Construction Industry Has Highest Rate of COVID-19 Cases

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Robison Wells

A new study published in MedRXiv reports that construction workers have the highest COVID-19 cases of nearly any industry, including healthcare workers, first responders, food service, correctional personnel, elderly care workers, and grocery store workers.

The study comes as the Center for Disease Control is making advisory recommendations about who should be first in line to receive vaccinations. The argument put forward by construction advocates is that, while healthcare workers should be in the front of the line, construction workers, who are considered essential, should be right behind.

The study, which used data collected and analyzed by Curative, looked at more than 730,000 test results. It found that construction workers had a 5.7% asymptomatic positivity rate. By comparison, the next highest rate was found in food service workers, who were considerably lower, at 3.8%. In symptomatic cases, construction was the second highest industry at 10.1%, behind the highest group, correctional workers, at 12.5%.

While there is no national database that tracks COVID-19 cases by profession, individual states are reporting statistics backing up the study. Michigan, Washington, and Tennessee’s public health departments have all found positivity rates in construction workers to be in the top three worst offenders. In contrast, data from Utah finds it to be the second worst. And a landmark study from the University of Texas concluded that construction workers were five times more likely to be hospitalized than workers in all other industries.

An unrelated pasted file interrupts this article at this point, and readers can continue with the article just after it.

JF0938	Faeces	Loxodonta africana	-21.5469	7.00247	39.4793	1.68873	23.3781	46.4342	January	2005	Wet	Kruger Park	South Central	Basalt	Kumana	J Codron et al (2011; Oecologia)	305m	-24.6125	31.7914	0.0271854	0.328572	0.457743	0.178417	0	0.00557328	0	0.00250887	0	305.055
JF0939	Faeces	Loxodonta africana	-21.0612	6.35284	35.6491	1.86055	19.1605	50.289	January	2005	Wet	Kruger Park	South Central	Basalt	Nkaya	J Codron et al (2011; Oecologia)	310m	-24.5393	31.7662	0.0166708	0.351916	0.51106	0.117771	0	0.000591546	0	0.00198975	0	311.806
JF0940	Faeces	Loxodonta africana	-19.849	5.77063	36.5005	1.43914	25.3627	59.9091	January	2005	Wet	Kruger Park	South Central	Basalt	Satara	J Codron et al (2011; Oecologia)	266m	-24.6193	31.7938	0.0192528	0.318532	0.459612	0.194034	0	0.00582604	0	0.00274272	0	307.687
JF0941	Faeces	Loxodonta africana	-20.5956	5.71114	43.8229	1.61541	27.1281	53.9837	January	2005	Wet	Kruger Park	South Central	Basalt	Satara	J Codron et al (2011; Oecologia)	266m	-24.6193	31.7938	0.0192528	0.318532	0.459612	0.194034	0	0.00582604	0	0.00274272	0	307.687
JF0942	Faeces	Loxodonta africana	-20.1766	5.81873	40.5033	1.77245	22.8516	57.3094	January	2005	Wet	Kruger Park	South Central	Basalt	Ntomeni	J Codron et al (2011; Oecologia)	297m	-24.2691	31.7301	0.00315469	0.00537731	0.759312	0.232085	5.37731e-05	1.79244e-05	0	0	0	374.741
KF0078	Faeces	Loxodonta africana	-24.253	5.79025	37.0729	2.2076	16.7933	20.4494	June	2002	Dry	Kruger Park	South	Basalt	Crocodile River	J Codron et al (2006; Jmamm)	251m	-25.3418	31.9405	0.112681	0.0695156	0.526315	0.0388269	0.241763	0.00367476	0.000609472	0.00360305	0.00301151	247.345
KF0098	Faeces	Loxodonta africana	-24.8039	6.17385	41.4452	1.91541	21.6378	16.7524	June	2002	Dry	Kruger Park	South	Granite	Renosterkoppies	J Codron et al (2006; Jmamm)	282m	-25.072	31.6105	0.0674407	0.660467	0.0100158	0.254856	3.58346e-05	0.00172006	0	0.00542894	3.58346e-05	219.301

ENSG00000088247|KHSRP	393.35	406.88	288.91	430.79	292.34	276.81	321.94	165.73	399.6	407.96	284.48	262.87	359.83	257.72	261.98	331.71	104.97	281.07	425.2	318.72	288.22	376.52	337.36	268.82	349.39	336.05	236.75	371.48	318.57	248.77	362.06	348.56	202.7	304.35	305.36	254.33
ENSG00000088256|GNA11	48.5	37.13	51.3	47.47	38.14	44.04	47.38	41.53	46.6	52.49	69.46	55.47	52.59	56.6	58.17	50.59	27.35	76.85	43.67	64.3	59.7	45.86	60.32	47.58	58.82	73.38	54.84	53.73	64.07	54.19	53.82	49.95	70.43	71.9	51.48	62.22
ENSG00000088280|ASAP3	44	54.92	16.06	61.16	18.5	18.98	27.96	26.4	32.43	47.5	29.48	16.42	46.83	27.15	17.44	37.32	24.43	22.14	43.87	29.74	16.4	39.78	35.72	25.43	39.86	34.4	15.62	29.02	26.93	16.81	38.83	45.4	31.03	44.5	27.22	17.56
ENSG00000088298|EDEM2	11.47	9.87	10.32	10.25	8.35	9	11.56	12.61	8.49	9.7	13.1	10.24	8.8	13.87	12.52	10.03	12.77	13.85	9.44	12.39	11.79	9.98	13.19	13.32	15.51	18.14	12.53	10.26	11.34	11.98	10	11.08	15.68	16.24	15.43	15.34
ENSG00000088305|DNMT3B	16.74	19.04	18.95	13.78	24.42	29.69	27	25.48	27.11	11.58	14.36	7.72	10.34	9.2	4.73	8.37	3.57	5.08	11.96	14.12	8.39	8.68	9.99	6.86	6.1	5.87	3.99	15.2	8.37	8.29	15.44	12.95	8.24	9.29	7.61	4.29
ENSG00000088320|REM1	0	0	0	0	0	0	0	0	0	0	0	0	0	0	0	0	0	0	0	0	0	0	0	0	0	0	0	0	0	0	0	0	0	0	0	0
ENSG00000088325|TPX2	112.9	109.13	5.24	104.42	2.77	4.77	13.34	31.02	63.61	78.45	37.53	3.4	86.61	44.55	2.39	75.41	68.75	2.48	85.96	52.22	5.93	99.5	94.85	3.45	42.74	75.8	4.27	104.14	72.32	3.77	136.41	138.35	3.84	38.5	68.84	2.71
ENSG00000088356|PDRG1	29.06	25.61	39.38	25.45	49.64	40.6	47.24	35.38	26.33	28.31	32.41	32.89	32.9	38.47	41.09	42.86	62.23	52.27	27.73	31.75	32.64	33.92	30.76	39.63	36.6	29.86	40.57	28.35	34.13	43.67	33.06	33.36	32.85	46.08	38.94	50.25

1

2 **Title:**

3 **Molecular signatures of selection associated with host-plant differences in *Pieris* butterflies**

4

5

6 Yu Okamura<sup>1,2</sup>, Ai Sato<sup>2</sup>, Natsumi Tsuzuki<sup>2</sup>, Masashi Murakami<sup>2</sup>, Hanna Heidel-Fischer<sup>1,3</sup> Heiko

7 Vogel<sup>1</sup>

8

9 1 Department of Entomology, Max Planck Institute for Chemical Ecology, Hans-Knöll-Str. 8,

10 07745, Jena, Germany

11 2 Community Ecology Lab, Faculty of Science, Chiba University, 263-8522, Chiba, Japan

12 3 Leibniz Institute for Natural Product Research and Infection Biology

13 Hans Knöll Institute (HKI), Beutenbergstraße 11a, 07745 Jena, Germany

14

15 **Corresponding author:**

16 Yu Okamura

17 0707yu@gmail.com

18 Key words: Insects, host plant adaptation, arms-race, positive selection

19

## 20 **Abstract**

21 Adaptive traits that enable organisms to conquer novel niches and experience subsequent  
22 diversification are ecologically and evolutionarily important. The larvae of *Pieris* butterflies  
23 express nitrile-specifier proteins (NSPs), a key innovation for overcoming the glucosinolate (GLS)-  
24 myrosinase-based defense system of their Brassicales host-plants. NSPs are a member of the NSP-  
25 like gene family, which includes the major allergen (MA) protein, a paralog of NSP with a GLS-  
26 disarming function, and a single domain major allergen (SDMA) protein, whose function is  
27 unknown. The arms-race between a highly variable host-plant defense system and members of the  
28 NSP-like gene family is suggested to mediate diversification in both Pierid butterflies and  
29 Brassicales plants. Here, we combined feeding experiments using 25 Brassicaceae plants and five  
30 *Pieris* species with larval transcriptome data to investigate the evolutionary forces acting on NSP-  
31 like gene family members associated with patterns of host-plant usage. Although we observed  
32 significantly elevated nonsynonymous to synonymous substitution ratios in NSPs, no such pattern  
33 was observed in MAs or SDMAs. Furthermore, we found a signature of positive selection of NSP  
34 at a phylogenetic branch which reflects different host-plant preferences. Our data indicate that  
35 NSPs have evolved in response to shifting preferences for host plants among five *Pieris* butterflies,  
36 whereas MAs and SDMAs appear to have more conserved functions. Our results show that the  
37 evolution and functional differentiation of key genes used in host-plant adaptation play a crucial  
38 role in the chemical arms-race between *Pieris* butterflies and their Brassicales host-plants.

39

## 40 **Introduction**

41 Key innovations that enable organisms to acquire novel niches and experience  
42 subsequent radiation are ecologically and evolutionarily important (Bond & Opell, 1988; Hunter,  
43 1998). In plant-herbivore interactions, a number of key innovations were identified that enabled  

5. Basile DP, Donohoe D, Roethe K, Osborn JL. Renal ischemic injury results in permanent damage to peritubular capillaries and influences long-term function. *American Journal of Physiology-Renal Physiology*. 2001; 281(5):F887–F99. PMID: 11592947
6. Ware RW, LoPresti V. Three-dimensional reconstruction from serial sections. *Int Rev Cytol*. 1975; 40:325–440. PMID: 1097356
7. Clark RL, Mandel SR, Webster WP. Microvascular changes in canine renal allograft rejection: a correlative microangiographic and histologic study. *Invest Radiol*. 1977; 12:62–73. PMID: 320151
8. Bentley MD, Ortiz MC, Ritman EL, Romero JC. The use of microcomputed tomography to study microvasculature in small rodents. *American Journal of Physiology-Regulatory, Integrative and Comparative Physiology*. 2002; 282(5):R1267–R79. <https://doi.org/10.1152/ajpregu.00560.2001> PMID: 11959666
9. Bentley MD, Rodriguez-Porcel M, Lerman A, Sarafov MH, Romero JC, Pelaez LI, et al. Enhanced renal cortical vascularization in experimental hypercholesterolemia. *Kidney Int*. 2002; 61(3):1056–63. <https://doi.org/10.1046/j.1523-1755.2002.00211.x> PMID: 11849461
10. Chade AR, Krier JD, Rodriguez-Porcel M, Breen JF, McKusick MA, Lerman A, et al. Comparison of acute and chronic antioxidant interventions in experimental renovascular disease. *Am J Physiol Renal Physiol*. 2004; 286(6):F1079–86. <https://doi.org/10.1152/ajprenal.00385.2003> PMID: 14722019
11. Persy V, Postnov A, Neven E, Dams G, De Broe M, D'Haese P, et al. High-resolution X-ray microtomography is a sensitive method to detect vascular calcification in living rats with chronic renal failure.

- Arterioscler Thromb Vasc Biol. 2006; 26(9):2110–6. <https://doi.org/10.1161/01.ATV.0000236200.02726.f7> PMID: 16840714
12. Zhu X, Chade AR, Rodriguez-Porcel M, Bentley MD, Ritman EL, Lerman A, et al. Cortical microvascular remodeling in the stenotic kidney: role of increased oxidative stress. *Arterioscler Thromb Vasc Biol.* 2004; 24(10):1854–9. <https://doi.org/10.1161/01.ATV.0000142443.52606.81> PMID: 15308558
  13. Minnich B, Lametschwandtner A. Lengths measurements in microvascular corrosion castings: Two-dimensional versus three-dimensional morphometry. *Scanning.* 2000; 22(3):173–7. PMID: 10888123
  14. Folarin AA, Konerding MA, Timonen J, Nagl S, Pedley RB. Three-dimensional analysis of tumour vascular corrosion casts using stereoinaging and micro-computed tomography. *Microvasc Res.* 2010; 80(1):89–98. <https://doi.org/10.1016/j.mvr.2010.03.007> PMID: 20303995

It’s not clear why infection rates are so high in the construction industry. Brian Turmail, VP of Public Affairs at the Associated General Contractors of America, stated that he doesn’t believe there is a link between the industry and the disease. He says that, instead, the link is because of the demographic groups that make up the worker base. “Given the rising coronavirus case counts across the country, and its particularly high rates among the demographic groups that make up much of the industry’s workforce, we are seeing more workers testing positive. The distinction is that the virus is not spreading occupationally — in other words, workers are not getting the virus from their job sites — but instead is being transmitted via local communities. Then workers are showing up, asymptomatic, and testing positive.”

Turmail also criticized the findings of the study for not giving an exact representation of the data. While construction indeed had the highest positivity rates, the overall number of construction workers included in the study was minimal, making up only 529 of the 730,000 test results.

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